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Illinois Exit Polls Show Less Conservative, Evangelical Electorate Than In Alabama, Mississippi

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The polls in Illinois do not close until 7 p.m. Central time (8 p.m. Eastern), but news organizations that subscribe to the Illinois exit poll produced by Edison Research are sharing some initial results from interviews with primary voters conducted earlier today. They intentionally avoid reporting specific estimates of which candidate is ahead or behind, but can begin to provide some sense of who is voting and why.

Here are some early highlights:

  • The ​Washington Post reports that 42 percent of the Illinois primary voters self-identify as evangelical Christians, "just one point higher than the percentage of evangelicals who voted there in 2008," but roughly half the number that voted in last week's primaries in Alabama and Mississippi.
  • Similarly, the New York Times tells us that "about 1 in 4 voters" identify as very conservative, a much smaller part of the electorate than in last week's primaries. Like evangelicals, the most conservative voters have been Rick Santorum's strongest supporters for most of the early primaries, to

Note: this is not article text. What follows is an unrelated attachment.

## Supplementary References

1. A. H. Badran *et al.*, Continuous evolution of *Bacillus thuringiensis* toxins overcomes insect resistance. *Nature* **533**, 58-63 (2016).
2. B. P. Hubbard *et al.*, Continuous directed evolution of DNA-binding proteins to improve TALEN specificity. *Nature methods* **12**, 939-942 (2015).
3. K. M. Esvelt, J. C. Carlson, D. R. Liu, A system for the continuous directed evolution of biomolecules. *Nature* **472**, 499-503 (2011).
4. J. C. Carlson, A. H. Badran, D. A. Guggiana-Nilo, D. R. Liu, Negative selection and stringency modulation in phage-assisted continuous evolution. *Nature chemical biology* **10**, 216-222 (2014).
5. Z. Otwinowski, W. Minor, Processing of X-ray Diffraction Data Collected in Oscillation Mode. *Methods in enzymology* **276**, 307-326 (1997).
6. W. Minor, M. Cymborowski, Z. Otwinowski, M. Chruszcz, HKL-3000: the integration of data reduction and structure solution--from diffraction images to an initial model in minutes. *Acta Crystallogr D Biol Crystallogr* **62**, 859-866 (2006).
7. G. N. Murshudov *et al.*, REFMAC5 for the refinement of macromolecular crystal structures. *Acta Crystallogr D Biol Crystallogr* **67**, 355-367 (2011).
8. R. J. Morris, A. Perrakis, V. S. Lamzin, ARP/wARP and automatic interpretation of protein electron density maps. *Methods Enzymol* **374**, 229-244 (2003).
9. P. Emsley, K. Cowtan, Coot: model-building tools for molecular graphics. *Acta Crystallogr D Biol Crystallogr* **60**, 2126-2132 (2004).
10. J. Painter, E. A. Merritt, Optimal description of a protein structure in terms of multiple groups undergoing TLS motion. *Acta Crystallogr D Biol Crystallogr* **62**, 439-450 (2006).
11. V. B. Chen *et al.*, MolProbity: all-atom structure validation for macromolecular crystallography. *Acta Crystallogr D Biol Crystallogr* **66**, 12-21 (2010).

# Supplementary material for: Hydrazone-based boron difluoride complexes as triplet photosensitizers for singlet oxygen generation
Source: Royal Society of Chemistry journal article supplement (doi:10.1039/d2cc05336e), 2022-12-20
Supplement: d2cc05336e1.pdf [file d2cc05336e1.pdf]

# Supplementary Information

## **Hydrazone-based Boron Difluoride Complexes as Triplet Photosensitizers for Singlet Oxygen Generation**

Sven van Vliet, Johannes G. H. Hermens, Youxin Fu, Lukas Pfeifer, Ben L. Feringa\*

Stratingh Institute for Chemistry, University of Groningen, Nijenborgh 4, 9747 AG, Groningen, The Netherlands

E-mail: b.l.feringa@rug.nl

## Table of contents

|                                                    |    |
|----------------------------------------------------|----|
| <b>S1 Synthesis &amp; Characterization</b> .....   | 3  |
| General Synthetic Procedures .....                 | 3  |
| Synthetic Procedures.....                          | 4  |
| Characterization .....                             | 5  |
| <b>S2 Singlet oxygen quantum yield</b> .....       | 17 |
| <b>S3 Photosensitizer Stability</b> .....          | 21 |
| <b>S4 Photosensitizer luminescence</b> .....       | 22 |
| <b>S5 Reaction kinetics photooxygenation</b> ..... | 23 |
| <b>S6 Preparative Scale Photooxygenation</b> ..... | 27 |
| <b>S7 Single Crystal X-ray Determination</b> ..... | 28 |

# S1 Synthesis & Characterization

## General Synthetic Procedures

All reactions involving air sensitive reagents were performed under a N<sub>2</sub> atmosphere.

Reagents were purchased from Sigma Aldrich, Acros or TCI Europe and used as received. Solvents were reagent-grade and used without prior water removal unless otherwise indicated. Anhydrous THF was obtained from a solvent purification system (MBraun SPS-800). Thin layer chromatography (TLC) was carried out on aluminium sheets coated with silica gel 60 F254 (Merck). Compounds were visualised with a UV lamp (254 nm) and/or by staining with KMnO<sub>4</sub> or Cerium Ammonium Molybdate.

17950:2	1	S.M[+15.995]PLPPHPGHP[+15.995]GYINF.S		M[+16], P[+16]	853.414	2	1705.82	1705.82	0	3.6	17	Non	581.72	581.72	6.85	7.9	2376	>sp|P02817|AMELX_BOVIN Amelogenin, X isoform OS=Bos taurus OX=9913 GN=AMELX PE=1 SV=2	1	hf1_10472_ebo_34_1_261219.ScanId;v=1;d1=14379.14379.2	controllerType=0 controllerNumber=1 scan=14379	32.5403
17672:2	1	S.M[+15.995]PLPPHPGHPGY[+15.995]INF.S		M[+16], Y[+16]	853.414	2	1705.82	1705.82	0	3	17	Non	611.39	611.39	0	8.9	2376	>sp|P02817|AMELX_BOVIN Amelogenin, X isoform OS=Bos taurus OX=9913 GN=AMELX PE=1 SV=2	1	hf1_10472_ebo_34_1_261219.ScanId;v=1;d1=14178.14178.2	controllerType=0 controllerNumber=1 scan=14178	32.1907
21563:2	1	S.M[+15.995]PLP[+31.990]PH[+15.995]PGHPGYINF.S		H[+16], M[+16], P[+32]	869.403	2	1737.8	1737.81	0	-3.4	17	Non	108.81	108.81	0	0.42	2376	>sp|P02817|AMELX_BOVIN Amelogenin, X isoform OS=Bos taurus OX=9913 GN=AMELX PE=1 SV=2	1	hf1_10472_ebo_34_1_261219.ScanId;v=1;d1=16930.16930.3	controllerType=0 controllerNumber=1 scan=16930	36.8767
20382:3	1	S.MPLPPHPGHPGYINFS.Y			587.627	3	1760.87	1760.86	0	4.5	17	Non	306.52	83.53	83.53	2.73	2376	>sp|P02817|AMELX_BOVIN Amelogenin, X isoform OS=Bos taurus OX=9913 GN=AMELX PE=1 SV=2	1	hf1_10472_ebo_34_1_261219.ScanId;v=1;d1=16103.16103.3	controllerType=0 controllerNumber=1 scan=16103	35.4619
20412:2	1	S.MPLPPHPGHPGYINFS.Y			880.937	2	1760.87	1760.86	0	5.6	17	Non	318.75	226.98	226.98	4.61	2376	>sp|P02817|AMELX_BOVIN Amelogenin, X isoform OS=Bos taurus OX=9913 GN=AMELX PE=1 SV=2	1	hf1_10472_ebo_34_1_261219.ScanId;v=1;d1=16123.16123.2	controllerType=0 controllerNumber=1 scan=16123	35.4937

• Separately, the ​Washington Post also reports that "nearly four in 10 voters" earn at least $100,000 per year. Upper-income Republicans have consistently been Romney's strongest group across the 2012 primaries.
  • The *Times* also shares results from the question about the issues on the minds of Illinois primary voters. Not surprisingly, "a majority" said "the economy mattered most in their deciding how to vote. About 1 in 4 voters said the budget deficit mattered most, and about 1 in 10 said abortion, according to early exit poll results."

The full exit poll tabulations will be posted at the following links shortly after the polls close by CBS News, CNN and NBC News.

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